Inspiration doesn’t just happen. You have to get your mind started on the process. Here are some ways to approach audition material that will help kickstart the search for inspiration.
1. Inspiration is hard work. So you have your audition materials: the sides, the music, or your own selection of materials. Let’s break down some ways you can work on the material.
- Read it through with an open mind. No preconceived notions. Let the story wash over you without focusing on your character. Be objective.
- Write down your first impressions. Your gut responses, any images that come up—literal or abstract—and make a list of the themes the writer is exploring.
- Focus on your character. What role does s/he play in the story: lead or supporting? What purpose is s/he serving in this particular scene?
- Break the scene into beats. Beats are units of action—cause and effect. This will help you keep track of the story and your progression throughout the scene.
- Assign an action. Assign an action to each beat. An action is an active verb that defines what you are doing with any particular beat: to challenge, to seduce, to tear apart, etc. These actions should make your eyes light up. If you’re feeling really ambitious you can assign an action word to every line of dialogue. The plus side of this action work is that this level of detailed work helps you memorize the lines, and the better you know the material, the freer you will be with it.
- Craft an objective. Even for an audition you need to have a general sense of what your character wants in the scene. It’s helpful to go back to that list of themes I asked you to write down earlier when creating the objective. How does what you’re trying to do in this scene support the writer’s intention? “I want to (insert active verb here).”
2. Think outside of the box. After you’ve done the above work, it’s time to turn on the creative part of your brain.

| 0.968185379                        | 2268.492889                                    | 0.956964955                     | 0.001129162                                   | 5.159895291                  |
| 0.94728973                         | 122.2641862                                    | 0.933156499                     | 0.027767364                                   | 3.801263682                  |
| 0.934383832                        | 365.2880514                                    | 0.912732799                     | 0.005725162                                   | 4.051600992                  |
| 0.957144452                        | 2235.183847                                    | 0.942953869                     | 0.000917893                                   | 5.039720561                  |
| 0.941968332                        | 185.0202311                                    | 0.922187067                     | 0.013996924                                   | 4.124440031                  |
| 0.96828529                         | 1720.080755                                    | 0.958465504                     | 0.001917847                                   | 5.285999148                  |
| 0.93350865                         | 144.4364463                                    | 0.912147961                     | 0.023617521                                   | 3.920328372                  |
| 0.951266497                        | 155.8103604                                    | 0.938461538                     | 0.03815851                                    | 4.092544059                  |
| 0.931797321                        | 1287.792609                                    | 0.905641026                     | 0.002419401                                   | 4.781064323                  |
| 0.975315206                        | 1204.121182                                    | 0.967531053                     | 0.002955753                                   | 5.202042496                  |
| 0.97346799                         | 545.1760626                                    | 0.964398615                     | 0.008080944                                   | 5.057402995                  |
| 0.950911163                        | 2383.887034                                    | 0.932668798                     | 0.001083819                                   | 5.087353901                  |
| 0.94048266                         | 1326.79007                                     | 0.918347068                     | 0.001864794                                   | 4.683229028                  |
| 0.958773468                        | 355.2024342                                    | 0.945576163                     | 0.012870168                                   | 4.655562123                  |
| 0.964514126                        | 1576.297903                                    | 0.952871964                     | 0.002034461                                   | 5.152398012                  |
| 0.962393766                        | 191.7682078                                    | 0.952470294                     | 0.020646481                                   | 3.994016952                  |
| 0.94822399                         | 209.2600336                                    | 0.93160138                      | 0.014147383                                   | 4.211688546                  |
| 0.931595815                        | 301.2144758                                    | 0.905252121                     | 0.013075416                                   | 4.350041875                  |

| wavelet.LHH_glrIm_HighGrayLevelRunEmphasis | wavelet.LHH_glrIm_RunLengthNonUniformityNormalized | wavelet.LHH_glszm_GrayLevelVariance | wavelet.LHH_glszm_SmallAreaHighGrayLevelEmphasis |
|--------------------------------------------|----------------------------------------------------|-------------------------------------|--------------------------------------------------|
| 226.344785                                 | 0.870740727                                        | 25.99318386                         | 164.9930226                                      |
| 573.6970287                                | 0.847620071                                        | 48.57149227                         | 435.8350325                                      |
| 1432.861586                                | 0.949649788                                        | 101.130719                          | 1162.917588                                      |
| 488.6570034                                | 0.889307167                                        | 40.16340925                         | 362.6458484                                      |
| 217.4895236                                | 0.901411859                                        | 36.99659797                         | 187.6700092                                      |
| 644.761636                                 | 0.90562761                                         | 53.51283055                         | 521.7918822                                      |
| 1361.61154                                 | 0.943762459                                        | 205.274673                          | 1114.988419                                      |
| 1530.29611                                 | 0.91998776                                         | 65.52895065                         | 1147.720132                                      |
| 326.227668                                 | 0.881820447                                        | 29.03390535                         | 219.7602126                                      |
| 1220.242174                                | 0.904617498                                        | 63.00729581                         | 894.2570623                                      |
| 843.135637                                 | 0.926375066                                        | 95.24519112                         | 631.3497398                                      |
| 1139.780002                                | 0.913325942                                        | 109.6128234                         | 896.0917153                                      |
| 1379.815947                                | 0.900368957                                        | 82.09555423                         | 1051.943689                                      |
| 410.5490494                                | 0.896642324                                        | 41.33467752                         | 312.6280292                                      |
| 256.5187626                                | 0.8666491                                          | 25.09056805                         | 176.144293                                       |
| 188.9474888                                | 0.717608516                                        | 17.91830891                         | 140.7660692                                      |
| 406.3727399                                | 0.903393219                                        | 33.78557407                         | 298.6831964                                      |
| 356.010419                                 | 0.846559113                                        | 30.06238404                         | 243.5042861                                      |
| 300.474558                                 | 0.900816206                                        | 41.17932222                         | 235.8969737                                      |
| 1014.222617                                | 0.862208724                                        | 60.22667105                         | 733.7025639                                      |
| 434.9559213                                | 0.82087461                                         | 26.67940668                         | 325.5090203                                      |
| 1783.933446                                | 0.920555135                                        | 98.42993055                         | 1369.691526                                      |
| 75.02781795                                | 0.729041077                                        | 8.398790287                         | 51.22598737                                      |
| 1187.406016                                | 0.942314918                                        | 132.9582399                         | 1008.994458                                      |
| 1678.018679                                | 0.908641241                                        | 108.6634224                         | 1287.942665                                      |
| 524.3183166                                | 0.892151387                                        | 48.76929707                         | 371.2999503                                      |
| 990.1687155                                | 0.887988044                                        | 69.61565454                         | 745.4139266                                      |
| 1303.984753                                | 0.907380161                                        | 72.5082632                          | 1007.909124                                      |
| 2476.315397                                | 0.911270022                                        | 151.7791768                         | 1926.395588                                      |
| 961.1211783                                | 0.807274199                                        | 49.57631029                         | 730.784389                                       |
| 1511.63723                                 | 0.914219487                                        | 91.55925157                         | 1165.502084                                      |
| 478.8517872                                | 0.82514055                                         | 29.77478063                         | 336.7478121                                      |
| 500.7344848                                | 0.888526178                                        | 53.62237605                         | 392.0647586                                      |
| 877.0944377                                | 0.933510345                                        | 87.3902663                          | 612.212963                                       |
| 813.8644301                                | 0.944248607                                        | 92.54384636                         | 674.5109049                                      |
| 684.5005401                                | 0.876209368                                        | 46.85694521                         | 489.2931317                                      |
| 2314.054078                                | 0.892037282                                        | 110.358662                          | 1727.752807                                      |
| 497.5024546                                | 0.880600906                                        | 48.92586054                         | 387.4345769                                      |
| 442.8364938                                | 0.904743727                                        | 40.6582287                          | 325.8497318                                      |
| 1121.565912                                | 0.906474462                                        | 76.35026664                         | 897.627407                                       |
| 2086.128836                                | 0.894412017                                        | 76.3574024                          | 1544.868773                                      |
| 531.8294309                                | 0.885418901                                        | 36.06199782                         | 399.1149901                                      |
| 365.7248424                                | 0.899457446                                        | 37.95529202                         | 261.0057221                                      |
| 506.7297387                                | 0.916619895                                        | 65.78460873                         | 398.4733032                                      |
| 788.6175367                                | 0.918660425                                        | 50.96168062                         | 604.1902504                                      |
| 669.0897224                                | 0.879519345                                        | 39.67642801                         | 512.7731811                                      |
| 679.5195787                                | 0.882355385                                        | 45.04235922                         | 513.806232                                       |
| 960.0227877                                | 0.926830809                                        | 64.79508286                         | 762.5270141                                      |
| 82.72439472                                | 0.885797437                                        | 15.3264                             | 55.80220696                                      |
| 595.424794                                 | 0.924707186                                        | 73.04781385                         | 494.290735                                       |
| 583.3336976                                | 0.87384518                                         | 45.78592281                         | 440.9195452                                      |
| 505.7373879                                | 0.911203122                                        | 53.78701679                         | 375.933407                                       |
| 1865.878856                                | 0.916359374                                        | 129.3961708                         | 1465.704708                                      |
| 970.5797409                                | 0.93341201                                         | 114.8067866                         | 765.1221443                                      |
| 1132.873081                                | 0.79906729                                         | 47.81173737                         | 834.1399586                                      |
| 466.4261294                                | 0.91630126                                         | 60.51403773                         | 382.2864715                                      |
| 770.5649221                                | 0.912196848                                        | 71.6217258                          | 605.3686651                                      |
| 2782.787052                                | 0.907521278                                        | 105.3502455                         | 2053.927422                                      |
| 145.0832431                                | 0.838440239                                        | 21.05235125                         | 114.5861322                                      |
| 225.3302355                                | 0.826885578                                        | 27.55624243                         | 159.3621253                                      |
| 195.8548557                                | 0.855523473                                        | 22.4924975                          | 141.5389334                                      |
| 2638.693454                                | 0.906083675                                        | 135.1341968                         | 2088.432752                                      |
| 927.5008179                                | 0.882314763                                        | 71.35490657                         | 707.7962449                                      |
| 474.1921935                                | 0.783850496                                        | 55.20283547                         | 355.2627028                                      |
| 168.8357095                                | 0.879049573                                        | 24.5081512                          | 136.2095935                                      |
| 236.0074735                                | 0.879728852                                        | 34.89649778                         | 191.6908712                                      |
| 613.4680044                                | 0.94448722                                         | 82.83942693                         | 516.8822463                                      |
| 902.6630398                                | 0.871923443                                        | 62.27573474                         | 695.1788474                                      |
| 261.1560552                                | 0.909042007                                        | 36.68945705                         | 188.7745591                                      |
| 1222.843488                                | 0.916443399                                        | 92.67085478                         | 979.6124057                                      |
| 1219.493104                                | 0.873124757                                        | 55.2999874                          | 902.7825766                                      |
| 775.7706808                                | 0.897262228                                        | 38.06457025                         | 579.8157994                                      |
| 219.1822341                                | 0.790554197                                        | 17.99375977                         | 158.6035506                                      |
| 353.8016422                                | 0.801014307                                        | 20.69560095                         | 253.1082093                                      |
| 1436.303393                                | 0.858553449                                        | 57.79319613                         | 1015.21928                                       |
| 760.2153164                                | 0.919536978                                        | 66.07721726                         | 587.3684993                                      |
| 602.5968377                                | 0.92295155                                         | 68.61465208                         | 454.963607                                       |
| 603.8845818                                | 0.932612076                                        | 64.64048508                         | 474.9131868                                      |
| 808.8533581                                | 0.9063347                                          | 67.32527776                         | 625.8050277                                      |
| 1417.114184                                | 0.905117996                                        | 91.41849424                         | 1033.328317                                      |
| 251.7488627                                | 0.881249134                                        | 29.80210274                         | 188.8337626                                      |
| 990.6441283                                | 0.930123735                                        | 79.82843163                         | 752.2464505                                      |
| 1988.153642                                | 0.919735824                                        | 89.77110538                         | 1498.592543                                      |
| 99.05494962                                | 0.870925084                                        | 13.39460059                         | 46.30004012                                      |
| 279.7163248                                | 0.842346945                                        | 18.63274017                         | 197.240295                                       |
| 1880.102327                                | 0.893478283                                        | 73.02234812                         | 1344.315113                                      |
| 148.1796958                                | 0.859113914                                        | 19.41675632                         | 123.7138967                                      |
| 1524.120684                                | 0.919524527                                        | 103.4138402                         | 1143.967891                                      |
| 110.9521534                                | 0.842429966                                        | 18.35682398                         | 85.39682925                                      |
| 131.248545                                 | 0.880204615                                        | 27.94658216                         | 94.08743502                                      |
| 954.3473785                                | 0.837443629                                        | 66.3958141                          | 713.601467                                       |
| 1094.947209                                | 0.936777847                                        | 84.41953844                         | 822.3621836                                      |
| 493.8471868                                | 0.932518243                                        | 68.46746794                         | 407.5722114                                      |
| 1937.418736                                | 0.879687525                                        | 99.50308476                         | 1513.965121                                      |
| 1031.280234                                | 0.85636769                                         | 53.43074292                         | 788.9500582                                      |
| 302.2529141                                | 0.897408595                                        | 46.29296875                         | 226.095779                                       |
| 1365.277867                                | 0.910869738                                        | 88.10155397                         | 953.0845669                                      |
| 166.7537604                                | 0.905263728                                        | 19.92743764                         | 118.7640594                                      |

- Google. You have that amazing list of themes and images you wrote down. Type them into Google and see what comes up. How have other people interpreted those words? Maybe you’ll see an image or read a poem or a quote that sparks an idea about the character or the piece.
- Leave the house. Go to a museum, a park, or a coffee shop. Take out your earbuds and take in humanity. Maybe you’ll see a person that looks, sounds, or behaves in the same way you think this character does. Study them. Look at paintings and photographs.
- Engage your body. Go to the gym. Go for a run. Go to yoga. Some of my best ideas occur when I’m running and I’m not actively thinking about the project.
3. Don’t sweat it. Each audition is another step—not the beginning or the end of the world. Here are some words of wisdom from your peers out there doing it. You don’t have the job when you walk in the door, so you have nothing to lose!
Elise Vannerson: Have one goal before you walk into the room so that way when you leave you don’t focus on how they reacted to you or getting the role, but achieving the goals you have set for yourself along the way.
Kyra Miller Himmelbaum: There’s a distinction between feeling rejected and just feeling disappointed that things didn’t go your way.
Grant Kretchik: Develop a healthy disdain for the audition process, but also treat it like it’s your opportunity to act that day or that week and less like it’s about a job.
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The views expressed in this article are solely that of the individual(s) providing them,
and do not necessarily reflect the opinions of Backstage or its staff.